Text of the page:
One of the best parts of teaching is watching young people wake up to the real, fundamental issues and challenges of human civilisation and existence. At some point, their eyes open and they're amazed/outraged by the complexity and incompetence that make up our world.

My entire push into MakerEd was largely about getting kids to recognise the complexity of their built world, and that they are all smart enough to remake it. I hope that's still true in 2029.

New Comment
13 comments, sorted by Click to highlight new comments since:

I think that's a great answer -- assuming that's what you believe.

For me, I don't believe point 3 on the AI timelines -- I think AGI will probably be here by 2029, and could indeed arrive this year. And even if it goes well and humans maintain control and we don't get concentration-of-power issues... the software development skills your students are learning will be obsolete, along with almost all skills.

Thanks for the reply to a first post. 

While I still have a dominant probability that human civilization will be broadly recognizable in 2034, I know that my confidence on that is proportional to my LW karma. 

There's a lot about communicating with kids as a teacher that pushes me towards Simulacra Level 2 or higher. If we're on something closer to your 2029 timeline, my honest advice to students would be 
Get Out of School ASAP and look for something interesting on the Jagged Frontier (use AI in a way you find useful that few others understand) or dedicate time to building craft skills that would have been recognizable 100 years ago.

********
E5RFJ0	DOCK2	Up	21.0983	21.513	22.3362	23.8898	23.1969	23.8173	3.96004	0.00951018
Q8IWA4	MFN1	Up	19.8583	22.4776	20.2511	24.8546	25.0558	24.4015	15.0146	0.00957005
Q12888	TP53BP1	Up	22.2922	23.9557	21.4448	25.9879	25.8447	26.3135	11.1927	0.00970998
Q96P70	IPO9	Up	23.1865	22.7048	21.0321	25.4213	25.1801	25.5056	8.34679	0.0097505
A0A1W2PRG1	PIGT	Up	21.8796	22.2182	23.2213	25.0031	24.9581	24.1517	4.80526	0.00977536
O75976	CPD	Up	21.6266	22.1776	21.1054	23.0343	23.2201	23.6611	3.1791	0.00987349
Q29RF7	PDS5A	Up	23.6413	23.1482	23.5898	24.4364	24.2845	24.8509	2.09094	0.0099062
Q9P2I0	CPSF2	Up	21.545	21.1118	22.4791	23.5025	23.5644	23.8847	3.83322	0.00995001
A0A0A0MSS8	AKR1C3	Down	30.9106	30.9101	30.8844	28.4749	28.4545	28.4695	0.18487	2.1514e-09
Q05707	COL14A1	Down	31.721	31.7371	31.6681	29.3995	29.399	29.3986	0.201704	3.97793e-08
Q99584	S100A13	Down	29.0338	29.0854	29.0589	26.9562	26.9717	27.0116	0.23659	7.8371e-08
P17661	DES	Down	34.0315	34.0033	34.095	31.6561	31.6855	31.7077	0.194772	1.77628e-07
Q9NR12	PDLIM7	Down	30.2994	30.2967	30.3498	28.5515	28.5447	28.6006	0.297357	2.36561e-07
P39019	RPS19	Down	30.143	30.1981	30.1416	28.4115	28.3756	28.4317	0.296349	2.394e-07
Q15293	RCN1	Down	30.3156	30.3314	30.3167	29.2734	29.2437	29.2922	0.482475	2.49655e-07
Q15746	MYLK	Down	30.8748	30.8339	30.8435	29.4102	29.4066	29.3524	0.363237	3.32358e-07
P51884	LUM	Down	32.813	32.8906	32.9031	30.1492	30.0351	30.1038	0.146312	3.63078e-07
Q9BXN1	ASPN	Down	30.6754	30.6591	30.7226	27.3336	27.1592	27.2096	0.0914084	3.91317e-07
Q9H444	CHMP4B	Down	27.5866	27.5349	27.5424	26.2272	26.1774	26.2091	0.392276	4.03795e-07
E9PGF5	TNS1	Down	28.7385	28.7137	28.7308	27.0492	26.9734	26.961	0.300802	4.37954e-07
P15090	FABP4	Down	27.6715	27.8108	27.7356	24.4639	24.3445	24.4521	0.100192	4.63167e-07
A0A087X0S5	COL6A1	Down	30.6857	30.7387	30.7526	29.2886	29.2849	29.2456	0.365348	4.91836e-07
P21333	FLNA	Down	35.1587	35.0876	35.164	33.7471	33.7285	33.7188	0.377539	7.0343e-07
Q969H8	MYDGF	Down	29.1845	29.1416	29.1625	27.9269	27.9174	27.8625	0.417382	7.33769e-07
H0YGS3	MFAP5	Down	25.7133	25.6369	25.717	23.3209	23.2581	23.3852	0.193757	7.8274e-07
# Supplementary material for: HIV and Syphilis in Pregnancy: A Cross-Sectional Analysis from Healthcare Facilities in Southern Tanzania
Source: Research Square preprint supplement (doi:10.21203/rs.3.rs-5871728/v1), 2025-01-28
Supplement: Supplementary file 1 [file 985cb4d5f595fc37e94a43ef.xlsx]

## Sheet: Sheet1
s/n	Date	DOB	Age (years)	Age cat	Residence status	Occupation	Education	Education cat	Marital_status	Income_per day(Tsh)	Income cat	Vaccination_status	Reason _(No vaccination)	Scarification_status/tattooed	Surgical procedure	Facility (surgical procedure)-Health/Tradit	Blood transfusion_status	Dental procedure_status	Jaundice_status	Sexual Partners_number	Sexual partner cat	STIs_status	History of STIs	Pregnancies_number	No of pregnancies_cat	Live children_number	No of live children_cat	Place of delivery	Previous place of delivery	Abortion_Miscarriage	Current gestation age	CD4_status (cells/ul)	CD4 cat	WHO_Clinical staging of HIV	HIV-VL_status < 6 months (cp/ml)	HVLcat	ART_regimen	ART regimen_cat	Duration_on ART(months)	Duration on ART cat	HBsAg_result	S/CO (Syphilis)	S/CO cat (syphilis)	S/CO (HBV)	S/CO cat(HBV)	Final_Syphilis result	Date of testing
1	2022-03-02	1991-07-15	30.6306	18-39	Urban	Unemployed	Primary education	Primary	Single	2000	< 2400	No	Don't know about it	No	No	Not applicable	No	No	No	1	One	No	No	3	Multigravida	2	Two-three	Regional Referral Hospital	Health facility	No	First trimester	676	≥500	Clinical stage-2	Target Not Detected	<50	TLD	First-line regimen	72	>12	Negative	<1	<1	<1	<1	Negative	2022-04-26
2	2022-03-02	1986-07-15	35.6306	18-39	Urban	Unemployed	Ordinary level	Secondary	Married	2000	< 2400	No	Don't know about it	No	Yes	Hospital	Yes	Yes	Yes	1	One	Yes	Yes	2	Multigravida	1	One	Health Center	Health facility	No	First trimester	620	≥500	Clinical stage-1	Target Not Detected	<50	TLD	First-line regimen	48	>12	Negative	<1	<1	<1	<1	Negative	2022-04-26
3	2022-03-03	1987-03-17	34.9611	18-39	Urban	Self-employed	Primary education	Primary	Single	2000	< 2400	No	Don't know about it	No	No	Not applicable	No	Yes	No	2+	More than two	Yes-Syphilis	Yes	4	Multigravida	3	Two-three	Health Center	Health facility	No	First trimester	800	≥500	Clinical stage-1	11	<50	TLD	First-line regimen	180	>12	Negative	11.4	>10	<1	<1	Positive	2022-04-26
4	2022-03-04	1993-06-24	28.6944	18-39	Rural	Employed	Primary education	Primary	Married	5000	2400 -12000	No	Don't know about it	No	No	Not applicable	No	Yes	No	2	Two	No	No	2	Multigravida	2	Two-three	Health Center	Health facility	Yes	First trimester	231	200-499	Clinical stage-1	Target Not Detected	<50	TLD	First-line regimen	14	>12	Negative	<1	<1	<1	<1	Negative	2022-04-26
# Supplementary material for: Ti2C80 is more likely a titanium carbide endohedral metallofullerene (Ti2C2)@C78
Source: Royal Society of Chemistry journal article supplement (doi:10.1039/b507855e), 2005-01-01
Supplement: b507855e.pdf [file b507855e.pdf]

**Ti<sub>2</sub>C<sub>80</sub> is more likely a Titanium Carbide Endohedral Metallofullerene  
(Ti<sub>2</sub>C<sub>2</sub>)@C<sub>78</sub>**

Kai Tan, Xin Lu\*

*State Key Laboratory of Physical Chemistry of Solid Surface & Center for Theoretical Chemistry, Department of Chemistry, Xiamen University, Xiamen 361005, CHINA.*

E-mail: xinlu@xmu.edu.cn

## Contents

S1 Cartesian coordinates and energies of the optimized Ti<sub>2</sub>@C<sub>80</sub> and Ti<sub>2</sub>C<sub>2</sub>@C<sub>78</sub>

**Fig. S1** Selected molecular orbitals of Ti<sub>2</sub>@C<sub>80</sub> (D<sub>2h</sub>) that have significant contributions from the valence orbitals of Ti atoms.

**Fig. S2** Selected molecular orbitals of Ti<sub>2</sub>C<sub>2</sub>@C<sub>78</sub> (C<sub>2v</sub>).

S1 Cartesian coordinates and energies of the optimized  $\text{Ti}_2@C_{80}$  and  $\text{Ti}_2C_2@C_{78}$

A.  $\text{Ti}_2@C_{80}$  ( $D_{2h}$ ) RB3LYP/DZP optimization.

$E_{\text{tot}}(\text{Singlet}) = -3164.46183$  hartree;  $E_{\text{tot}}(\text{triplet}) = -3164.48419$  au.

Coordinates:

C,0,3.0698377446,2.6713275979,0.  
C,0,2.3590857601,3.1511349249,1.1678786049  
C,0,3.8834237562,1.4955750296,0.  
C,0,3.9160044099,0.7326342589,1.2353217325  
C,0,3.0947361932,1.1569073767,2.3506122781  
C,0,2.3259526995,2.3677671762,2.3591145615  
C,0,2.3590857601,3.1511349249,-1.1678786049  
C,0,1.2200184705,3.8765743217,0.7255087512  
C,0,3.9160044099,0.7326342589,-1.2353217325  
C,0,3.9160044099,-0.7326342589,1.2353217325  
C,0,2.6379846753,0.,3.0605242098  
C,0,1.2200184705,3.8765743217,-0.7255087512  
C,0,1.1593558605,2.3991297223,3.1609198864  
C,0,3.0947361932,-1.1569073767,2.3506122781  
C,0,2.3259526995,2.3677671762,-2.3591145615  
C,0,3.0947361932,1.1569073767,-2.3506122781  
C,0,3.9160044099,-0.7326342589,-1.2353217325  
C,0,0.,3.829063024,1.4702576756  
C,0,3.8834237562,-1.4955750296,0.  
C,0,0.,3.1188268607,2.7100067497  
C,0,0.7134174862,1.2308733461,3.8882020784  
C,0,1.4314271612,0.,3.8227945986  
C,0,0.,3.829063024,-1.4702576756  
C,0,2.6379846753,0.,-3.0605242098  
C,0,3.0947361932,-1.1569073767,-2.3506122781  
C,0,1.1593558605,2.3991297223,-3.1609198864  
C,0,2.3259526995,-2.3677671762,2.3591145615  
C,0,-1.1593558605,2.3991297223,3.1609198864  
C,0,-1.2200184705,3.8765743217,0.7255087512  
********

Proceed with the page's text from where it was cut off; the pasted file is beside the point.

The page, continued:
My estimate is that I could give that advice to 3-5 students before I had to look for another job.  

Gotcha. A tough situation to be in.

What about "Keep studying and learning in the hopes that (a) I'm totally wrong about AGI timelines and/or (b) government steps in and prevents AGI from being built for another decade or so?"

What about "Get organized, start advocating to make b happen?"

I'm on the PauseAI discord in part to expose my students to that level of coordinated planning and direct action.

My Simulacra Level 1 perspective is that most students generally benefit from being in school. While some of that benefit comes from way-down-stream consequences (thankfully, I took an EE class in in 1983..:), a vast majority of the positive benefits happen in the immediate-term.

"Keep studying and learning" is a Simulacra Level 2 admonition that helps maintain the benefits I truly believe are there. (Yes, there are lots of problems in lots of schools. I can only ever speak in aggregates here).

Importantly, a significant number of adolescent problems come from antagonistic relationships between children and theri parents/caregivers. If those adults are supportive of a student leaving school , then I would happily hand them a copy of Blake Boles "College Without High School" ( https://www.blakeboles.com/cwhs/ ).  If the adults are insistent on normal "go everyday" school, I think the negative consequences from that fight will most often dominate the positive changes.  


What are your thoughts on skills that the government has too much control over? For example If we get ASI in 2030 do you imagine that a doctor will be obsolete in 2032 or will the current regulatory environment still be relevant ? 

And how much of this is determined by "labs have now concentrated so much power that governments are obsolete".

If we get ASI in 2030, all humans will be economically and militarily obsolete in 2030, and probably politically obsolete too (though if alignment was solved then the ASIs would be acting on behalf of the values and intentions of at least some humans). The current regulatory regime will be irrelevant. ASI is powerful.